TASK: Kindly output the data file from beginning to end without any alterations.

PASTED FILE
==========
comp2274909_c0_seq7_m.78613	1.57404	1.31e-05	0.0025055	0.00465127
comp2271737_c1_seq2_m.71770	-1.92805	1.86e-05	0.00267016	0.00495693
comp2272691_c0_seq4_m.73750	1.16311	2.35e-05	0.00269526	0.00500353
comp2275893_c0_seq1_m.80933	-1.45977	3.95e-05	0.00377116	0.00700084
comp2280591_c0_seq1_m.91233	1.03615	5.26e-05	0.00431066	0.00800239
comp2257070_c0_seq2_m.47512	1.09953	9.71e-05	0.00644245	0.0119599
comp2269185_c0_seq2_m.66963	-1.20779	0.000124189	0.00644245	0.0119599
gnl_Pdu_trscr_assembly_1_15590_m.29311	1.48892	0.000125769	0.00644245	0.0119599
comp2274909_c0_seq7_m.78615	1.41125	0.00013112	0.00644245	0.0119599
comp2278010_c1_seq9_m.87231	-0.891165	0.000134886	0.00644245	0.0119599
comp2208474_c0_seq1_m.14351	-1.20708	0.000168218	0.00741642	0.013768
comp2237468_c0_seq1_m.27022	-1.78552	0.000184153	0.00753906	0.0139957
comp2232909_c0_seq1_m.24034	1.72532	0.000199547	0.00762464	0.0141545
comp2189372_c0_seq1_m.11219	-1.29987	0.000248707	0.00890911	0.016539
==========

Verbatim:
comp2274909_c0_seq7_m.78613	1.57404	1.31e-05	0.0025055	0.00465127
comp2271737_c1_seq2_m.71770	-1.92805	1.86e-05	0.00267016	0.00495693
comp2272691_c0_seq4_m.73750	1.16311	2.35e-05	0.00269526	0.00500353
comp2275893_c0_seq1_m.80933	-1.45977	3.95e-05	0.00377116	0.00700084
comp2280591_c0_seq1_m.91233	1.03615	5.26e-05	0.00431066	0.00800239
comp2257070_c0_seq2_m.47512	1.09953	9.71e-05	0.00644245	0.0119599
comp2269185_c0_seq2_m.66963	-1.20779	0.000124189	0.00644245	0.0119599
gnl_Pdu_trscr_assembly_1_15590_m.29311	1.48892	0.000125769	0.00644245	0.0119599
comp2274909_c0_seq7_m.78615	1.41125	0.00013112	0.00644245	0.0119599
comp2278010_c1_seq9_m.87231	-0.891165	0.000134886	0.00644245	0.0119599
comp2208474_c0_seq1_m.14351	-1.20708	0.000168218	0.00741642	0.013768
comp2237468_c0_seq1_m.27022	-1.78552	0.000184153	0.00753906	0.0139957
comp2232909_c0_seq1_m.24034	1.72532	0.000199547	0.00762464	0.0141545
comp2189372_c0_seq1_m.11219	-1.29987	0.000248707	0.00890911	0.016539